If we were well to study the Blessed Virgin, even in the fragmentary sketch of her life and character given in the Gospels, we should see that each and all of those beautiful traits set forth by S. Paul, except such as belong peculiarly to the Apostolic life, are found in their perfection in Mary. And the proof of this is, that it is impossible for us to attempt any idea of Our Lady—unless the mind be distorted by perversity and prejudice—and not see in her the assemblage, and mirror, so to speak, of these and all other virtues. "Long-suffering (v. 6), i.e. longanimity, is according to the Gloss, says S. Antoninus, not to give way, but to bear up in the expectation of good deferred. When anyone has to endure what is sad or grievous for a short time, or to wait for some great good which he will soon receive, he strives to bear up with equanimity, because the time is short. But when he sees, in such case, that he must endure long in toil or sorrow, or wait long for the attainment of some good, he is often led to grow tired and weary, and sometimes to give up altogether through the length of time. Now longanimity keeps a man from growing weary, helps him to persevere, though the toil last long, and the good that is looked for tarry, and refreshes his mind with a sort of pledge and assurance of reward. Therefore, says the Apostle, In all things let us exhibit ourselves . . . in longanimity. The Blessed Virgin Mary was for many years in the tribulations of this world, and in expectation of glory deferred—about sixty years, according to the more common opinion—but, all the while, she continued ever more and more fervent and eager for every good work."—P. iv. tit. 15, c. 26, § I.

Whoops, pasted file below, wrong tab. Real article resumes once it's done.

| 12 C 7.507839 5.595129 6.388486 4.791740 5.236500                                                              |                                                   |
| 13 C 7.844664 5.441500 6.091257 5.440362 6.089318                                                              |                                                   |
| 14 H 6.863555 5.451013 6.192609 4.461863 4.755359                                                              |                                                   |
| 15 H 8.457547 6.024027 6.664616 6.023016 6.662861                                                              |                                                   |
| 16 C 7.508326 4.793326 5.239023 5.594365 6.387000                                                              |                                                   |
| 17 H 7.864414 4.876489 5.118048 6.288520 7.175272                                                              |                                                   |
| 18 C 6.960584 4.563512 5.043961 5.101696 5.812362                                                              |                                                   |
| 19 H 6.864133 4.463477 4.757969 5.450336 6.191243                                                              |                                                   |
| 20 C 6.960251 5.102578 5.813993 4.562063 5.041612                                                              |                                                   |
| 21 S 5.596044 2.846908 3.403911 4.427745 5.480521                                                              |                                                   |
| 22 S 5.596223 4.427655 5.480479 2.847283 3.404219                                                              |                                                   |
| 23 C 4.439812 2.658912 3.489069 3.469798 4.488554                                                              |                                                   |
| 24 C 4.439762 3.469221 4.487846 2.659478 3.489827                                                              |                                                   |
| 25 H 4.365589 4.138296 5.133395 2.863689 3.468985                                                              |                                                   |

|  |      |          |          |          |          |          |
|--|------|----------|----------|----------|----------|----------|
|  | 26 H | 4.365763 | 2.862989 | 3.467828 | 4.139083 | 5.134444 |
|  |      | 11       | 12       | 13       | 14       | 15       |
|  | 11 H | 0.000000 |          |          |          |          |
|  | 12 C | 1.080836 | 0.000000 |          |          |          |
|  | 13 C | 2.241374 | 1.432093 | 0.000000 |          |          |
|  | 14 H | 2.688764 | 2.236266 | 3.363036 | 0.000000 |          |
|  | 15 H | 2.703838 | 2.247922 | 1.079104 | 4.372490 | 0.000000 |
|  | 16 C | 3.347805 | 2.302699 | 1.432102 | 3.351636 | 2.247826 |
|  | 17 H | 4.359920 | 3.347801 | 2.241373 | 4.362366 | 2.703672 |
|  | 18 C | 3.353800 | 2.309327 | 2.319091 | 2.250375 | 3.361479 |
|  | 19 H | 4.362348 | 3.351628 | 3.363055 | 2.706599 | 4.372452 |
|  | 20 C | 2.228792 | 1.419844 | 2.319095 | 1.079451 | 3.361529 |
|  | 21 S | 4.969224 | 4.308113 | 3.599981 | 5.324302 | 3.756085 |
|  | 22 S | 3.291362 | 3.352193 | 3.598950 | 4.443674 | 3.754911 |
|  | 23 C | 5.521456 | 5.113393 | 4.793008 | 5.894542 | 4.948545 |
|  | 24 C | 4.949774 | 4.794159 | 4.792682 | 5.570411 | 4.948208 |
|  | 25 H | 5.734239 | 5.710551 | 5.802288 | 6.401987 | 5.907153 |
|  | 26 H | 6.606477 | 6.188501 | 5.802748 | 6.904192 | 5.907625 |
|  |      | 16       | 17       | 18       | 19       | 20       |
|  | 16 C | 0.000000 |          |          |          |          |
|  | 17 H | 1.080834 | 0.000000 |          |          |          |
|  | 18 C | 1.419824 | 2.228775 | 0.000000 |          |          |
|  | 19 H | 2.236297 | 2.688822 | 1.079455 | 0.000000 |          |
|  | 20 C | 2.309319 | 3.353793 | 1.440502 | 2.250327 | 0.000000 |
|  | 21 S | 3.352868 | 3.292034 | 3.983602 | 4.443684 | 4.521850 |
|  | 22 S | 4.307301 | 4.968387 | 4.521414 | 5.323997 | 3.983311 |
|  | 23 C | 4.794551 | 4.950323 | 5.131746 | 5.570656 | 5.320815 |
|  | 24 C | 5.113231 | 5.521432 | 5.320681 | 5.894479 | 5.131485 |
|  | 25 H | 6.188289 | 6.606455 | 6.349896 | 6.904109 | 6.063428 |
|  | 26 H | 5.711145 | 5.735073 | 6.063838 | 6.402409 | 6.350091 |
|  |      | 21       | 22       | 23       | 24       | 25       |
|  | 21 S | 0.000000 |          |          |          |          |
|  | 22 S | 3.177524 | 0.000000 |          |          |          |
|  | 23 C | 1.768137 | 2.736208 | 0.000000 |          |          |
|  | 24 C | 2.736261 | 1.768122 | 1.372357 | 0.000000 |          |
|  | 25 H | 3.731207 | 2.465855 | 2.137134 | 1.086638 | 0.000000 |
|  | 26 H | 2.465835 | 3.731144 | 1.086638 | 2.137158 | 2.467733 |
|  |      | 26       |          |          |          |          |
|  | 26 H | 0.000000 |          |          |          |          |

11 Our mouth is open to you, O ye Corinthians, our heart is enlarged.

12 You are not straitened in us, but in your own bowels you are straitened.

13 But having the same recompense (I speak as to my children,) be you also enlarged.